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In Perspective: Remembering George Stephenson

George Stephenson

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As the new shiny five-pound note is rolled out, you may feel some nostalgia for the old crumpled faces that used to appear on them. Mechanical engineer, George Stephenson was one of those faces and today at Cobalt, we look back on his life and career. Stephenson is best known for building the first public inter-city railway to use steam locomotives, and he was renowned as the “Father of Railways”. He designed and built The Rocket locomotive, which thousands witnessed achieve a record of 36mph. He was also responsible for building the Hetton, Stockton and Darlington railways. His achievements directly influence much of the rail infrastructure that we use today.

Born in 1781 near Newcastle-upon-Tyne, George Stephenson was the second child to Robert and Mabel Stephenson, both who were illiterate. His father was an engineman at a coalmine, and Stephenson followed in his father’s footsteps by himself working at the mine, before becoming an engineman at Water Row Pit in Newham when he was just 17. Stephenson was eager to get an education, as his parents couldn’t afford to send him to school, so he enrolled in evening classes to learn to read and write, as well as basic arithmetic. His career progressed rapidly and he worked for a number of different coalmines around the North East of England and Scotland, becoming an expert in steam engine machinery.

However, it was in 1814 when Stephenson’s career reached new heights, as he constructed his first locomotive named, Blucher in honour of the Prussian general. It was a travelling engine for hauling coal at Killingworth Colliery near Newcastle, and this was a huge achievement as it was the first public railway, and could haul 30 tons of coal up a hill at 4mph. Blucher marked the first in a series of locomotives that Stephenson built between 1814-16. Initially, Blucher was only a mild success as it faced problems with insufficient levels of steam, but Stephenson significantly improved the engine’s power. Although it wasn’t the first of its kind, as engineer Richard Trevithick had invented the first steam engine many years earlier, Blucher was the first fully effective steam railway locomotive. Although no complete drawing of Blucher exists today, the locomotive will always be remembered as a milestone in transportation history.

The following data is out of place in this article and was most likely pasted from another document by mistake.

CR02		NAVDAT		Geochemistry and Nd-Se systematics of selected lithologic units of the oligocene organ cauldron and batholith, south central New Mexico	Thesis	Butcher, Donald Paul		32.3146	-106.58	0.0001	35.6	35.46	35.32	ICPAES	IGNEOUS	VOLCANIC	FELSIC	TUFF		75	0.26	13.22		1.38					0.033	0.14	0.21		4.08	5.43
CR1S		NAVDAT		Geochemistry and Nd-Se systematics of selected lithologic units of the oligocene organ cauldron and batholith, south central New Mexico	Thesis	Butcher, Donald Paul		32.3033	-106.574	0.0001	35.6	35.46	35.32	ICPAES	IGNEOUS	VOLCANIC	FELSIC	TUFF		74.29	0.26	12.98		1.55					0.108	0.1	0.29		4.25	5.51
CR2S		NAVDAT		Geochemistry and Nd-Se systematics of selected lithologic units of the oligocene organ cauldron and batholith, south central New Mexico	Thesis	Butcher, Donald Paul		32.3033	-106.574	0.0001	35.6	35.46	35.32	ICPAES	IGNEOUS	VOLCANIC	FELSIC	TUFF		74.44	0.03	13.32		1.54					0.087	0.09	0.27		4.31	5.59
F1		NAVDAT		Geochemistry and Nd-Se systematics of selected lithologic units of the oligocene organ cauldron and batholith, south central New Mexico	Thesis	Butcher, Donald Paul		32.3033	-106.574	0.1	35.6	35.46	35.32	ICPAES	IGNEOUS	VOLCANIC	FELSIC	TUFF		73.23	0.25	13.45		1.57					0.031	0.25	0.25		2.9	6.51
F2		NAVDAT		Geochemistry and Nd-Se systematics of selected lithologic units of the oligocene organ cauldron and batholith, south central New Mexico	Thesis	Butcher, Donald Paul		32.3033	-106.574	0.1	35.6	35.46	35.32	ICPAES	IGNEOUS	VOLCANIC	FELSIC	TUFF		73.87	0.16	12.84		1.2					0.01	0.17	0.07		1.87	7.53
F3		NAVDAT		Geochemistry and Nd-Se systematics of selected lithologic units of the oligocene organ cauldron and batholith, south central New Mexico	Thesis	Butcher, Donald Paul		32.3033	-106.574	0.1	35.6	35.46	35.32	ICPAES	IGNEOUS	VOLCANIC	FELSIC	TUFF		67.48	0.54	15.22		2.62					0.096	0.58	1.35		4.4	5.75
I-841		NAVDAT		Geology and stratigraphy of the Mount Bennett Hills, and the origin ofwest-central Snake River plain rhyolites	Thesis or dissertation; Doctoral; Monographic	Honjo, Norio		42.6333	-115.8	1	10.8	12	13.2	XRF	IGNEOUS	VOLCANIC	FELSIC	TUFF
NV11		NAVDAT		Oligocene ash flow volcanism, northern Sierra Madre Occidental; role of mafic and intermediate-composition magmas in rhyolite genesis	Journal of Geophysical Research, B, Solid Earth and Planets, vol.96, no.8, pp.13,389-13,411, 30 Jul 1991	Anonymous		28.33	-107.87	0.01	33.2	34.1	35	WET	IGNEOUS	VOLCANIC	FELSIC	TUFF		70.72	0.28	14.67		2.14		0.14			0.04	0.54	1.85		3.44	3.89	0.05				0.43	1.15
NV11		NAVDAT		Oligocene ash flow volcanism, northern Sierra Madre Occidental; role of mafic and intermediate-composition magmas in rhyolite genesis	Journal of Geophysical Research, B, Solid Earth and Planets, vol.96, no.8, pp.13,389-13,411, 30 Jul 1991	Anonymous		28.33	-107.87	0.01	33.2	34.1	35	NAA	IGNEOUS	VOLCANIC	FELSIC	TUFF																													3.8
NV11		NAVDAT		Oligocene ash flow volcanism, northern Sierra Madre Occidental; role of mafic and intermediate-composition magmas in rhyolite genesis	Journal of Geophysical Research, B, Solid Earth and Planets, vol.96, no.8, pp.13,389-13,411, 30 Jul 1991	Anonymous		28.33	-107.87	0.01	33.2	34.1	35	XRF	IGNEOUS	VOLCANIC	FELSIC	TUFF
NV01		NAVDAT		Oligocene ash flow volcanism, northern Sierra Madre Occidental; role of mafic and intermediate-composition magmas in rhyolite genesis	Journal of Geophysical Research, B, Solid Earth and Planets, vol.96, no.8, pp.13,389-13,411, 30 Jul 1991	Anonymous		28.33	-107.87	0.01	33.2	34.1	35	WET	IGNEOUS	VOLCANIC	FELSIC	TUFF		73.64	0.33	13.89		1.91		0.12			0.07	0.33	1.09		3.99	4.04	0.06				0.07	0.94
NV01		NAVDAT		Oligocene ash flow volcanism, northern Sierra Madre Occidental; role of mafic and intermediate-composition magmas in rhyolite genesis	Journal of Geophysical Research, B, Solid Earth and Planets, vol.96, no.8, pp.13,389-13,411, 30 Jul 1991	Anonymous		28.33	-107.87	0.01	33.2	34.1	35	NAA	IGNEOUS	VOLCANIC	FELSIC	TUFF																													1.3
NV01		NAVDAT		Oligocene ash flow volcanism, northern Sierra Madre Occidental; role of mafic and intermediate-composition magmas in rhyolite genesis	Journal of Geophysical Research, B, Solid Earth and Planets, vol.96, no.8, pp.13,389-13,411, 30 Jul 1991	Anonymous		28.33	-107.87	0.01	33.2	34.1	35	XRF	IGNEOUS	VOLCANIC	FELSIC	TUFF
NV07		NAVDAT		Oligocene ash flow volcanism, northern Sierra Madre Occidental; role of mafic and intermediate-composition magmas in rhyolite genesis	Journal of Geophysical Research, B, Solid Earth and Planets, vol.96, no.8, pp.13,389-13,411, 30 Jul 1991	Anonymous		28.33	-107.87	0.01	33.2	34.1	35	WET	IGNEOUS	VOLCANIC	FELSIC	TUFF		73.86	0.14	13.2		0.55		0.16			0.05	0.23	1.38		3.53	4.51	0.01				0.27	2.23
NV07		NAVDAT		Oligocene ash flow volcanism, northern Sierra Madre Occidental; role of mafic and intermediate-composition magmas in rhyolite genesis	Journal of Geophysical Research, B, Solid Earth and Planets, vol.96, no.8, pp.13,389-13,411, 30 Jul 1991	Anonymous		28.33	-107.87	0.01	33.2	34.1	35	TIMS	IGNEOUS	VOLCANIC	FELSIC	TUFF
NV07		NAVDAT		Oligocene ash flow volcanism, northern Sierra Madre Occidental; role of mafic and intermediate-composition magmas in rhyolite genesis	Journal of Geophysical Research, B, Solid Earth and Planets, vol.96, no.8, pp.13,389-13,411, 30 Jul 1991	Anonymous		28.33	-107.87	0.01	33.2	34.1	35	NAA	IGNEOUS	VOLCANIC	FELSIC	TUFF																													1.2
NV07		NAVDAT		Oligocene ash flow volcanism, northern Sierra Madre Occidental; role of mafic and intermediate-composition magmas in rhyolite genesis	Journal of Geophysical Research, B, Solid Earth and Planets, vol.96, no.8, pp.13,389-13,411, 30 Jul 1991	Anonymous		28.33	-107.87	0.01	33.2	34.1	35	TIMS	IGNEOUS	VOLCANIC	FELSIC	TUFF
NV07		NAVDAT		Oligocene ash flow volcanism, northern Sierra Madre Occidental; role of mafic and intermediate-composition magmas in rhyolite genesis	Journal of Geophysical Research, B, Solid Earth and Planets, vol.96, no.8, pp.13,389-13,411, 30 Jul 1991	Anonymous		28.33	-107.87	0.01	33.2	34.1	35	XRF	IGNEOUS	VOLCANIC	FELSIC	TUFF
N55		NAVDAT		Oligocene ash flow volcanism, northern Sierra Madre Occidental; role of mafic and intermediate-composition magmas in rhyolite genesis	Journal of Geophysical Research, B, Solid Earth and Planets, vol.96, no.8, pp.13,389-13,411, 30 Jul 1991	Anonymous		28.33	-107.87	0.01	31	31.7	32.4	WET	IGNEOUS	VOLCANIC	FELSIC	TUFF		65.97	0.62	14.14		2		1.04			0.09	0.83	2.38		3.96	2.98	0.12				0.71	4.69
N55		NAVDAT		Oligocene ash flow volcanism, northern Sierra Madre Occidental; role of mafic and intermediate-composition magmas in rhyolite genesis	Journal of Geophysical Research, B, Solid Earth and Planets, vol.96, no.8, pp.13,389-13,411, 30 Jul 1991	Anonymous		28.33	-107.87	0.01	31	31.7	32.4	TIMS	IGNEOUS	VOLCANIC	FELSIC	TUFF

Stephenson’s first locomotive elevated his reputation and in 1821, Stephenson was appointed engineer for the construction of the Stockton and Darlington railway.

Opening in 1825, it was the first public railway. However, the defining moment and turning point in Stephenson’s career was when he won the Rail Hill Trials, which was a competition to decide who would build the locomotives for the Liverpool and Manchester railway. Stephenson’s Rocket was the only locomotive to complete the trials and as a result, he became famous and was high in demand for many other railway projects. Stephenson became a legendary figure in mechanical engineering, and many American railway road builders came to Newcastle to learn from his innovations. By 1847, Stephenson had semi-retired and he became the first president of the Institution of Mechanical Engineers (IMechE). This marked his last major achievement before his death in 1848, aged 67.

Stephenson’s work was the footprint for railways all over the world, paving the way for many engineers who followed, such as Joseph Locke and Isambard Kingdom Burnel, who were both major pioneers of railway development. Also, Stephenson’s own son, Robert Stephenson built on the achievements of his father, and became an in demand railway engineer during the years of ‘railway mania’. Today, George Stephenson has many memorials and commemorations, such his bronze statue in Chesterfield Railway. In the media, he was portrayed by actor Gawn Grainger in an episode of Doctor Who. Ultimately, Stephenson made a substantial contribution to the development of the railways with his steam power engines, which was a key element in the industrial revolution.

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